Teton Gravity Research wants Park City’s pop-up shop to become a community hub
The action sports film company expects the premises to develop into a brick-and-mortar business with a theater and community meeting place.
Teton Gravity Research, the company known for producing terrifying action sports films, embarks on a new adventure in Park City. Instead of focusing on athletes hanging from a cliff by a thread, it will cater to customers who want to wear threads with the mountaintop logo.
On Saturday, TGR plans to open a pop-up retail store at 613 Main Street in Park City, in the former Mary Janes boutique area across from the Patagonia store. The pop-up will remain in place through the fall, when it is expected to be replaced by a brick-and-mortar store in the same location. This will be TGR’s sixth retail location, alongside others in mountain towns such as Bozeman, Montana and Breckenridge, Colorado. The first store opened six years ago in Jackson Hole, Wyoming, said co-founder Steve Jones, although he noted that TGR had its own apparel business before producing its first film 28 years ago.
“Right after the cameras arrive, before we even get our first picture,” Jones said. “We sold them this winter.”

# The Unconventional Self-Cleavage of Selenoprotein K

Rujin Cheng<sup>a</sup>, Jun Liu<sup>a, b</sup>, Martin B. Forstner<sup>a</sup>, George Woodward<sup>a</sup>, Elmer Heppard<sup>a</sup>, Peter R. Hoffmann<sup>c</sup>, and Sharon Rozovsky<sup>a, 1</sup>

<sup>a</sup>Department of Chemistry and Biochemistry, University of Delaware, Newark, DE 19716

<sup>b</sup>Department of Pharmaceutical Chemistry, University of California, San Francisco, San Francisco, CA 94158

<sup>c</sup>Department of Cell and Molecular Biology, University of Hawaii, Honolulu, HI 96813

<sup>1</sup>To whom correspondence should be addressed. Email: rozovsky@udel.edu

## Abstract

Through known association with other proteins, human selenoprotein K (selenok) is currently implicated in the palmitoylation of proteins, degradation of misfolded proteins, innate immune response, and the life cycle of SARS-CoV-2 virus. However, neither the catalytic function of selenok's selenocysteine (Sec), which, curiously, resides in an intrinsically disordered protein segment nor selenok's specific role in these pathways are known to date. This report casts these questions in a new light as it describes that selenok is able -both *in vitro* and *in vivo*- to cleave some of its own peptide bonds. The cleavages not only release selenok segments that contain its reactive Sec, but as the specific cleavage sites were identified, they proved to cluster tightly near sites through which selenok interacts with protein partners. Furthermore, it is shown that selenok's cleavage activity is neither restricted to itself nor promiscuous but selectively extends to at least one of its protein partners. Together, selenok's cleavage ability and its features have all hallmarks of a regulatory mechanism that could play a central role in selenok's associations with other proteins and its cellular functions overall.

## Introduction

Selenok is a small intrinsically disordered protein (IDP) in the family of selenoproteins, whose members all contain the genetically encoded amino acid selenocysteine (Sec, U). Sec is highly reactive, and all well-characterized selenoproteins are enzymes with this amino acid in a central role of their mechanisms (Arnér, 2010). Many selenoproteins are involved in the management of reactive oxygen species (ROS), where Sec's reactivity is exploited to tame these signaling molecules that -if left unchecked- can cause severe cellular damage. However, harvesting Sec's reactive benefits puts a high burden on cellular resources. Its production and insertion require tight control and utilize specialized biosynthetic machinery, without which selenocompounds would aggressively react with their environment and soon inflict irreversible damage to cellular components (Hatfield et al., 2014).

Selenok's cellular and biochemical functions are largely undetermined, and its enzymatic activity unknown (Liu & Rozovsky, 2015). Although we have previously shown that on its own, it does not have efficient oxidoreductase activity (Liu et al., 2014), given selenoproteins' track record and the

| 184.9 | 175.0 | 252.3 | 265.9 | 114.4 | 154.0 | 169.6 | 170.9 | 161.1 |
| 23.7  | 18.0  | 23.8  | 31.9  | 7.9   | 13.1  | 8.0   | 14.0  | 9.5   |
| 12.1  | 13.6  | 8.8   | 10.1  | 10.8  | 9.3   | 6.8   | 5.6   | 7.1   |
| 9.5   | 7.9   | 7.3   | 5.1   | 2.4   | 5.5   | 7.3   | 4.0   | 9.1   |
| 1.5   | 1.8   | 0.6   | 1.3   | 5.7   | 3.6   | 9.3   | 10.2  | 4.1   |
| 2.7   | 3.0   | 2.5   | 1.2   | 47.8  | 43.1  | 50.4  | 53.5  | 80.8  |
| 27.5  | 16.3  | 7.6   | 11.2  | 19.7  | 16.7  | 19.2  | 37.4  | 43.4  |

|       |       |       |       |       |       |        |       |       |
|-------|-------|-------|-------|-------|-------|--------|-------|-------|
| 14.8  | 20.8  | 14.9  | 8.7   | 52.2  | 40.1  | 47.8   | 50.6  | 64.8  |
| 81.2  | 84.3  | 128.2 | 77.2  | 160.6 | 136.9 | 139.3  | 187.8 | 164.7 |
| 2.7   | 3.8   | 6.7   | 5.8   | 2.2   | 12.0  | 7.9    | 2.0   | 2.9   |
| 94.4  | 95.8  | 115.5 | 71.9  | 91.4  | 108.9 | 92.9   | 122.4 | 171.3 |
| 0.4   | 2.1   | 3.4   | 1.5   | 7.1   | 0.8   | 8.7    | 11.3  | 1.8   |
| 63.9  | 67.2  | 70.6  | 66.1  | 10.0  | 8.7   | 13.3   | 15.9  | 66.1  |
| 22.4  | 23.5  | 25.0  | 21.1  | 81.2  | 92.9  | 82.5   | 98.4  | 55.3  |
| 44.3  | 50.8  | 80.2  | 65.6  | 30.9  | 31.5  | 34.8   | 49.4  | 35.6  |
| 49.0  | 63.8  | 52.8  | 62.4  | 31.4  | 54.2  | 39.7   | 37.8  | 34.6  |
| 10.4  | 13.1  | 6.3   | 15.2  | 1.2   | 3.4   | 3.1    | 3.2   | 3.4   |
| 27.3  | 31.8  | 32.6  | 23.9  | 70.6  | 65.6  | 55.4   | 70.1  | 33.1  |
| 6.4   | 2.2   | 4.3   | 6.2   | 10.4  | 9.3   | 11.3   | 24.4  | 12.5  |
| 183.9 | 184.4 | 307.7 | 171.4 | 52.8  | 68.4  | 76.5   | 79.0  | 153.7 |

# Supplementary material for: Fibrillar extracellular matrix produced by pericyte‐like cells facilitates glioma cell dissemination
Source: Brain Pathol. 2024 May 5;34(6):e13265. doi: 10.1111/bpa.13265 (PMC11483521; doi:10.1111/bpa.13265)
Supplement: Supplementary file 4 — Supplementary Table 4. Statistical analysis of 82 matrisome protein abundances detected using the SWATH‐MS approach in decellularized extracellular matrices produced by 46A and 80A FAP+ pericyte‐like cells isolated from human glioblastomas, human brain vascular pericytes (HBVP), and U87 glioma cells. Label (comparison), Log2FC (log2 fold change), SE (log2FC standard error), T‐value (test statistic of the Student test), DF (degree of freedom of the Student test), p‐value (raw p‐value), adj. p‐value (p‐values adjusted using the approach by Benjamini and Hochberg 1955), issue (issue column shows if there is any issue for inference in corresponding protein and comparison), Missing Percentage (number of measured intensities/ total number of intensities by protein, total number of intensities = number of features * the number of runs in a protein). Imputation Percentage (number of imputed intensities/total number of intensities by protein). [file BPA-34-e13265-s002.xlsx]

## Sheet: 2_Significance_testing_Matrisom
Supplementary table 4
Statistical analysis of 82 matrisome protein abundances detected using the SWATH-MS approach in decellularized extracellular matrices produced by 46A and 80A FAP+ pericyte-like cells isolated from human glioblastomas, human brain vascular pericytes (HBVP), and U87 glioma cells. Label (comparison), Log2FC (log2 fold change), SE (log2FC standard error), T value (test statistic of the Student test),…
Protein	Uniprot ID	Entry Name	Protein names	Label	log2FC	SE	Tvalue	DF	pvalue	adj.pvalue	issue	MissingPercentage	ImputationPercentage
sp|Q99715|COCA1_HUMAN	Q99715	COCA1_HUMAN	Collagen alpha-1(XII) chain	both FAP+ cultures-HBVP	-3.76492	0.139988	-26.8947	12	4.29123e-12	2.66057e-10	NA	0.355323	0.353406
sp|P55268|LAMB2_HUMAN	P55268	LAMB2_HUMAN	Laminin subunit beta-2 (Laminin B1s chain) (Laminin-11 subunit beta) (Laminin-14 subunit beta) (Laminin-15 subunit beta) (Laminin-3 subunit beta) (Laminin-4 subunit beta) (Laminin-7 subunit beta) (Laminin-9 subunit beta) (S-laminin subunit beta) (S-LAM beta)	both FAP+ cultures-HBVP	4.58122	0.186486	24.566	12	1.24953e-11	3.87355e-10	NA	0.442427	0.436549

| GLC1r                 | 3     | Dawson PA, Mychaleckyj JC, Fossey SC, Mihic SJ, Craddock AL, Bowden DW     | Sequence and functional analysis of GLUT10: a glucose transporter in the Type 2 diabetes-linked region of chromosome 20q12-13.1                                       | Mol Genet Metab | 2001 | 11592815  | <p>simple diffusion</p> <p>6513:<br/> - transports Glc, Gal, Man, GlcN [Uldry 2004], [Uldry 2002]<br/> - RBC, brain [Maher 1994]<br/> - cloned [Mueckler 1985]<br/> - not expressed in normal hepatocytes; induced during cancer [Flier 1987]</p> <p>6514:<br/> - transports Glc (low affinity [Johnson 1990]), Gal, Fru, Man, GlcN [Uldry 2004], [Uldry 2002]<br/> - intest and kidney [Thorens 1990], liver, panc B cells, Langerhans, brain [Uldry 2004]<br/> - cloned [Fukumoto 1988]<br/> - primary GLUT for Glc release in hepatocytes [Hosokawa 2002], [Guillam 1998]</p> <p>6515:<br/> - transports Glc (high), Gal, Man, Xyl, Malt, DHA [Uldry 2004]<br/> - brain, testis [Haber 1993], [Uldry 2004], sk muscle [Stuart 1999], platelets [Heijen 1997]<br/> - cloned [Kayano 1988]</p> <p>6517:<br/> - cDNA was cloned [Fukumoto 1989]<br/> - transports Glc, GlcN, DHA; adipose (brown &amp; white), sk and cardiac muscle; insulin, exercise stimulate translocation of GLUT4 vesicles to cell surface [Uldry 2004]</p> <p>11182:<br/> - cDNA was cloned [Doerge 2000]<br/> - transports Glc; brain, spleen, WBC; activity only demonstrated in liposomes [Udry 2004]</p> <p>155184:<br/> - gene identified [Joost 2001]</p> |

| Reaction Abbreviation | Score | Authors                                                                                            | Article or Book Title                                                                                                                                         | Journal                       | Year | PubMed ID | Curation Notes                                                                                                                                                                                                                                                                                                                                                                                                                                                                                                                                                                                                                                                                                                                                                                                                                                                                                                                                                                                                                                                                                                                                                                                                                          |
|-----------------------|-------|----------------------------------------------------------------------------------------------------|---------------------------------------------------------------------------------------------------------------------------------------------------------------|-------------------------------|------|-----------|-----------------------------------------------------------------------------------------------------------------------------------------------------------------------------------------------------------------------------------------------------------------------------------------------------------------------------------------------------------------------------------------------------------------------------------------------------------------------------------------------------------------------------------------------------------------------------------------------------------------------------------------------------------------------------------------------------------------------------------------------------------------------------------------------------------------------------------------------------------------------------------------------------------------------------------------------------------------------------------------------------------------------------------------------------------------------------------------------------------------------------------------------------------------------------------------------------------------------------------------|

The TGR pop-up will sell company-branded hats, sweatshirts and other apparel, as well as its own line of ski goggles and sunglasses. Once the entire store opens, there will be a 1,000-square-foot theater. The theater’s primary purpose will be to be a community space that can be rented for meetings, film screenings and birthday parties, according to TGR retail director Devin Gillette. When none of this happens, it will be used to screen TGR films, known for showing athletes pushing physical and social boundaries in skiing, snowboarding, surfing, climbing, cycling and beyond.
Gillette said she expects athletes from these films to enter and exit the store.
“We want our store to be a place where kids can come and meet athletes,” said Gillette. “Or come by and meet to get to know each other, or come by and learn about skiing and come by and use it as a resource not just for skiing, but for skiing [all] the action sport.”
TGR co-founder Steve Jones said the brick-and-mortar store will anchor the company’s philanthropic efforts in Park City, which are primarily focused on youth athletics and snow sports. Gillette said the company has worked with local nonprofit Live Like Sam, which focuses on young people’s mental health, among others, and also sponsored the recent Running With Ed race, which benefits the Park City Education Foundation.
“We feel like we have a store there that gives us a physical presence in the community,” Jones said. “It allows us to have a much more meaningful integration.”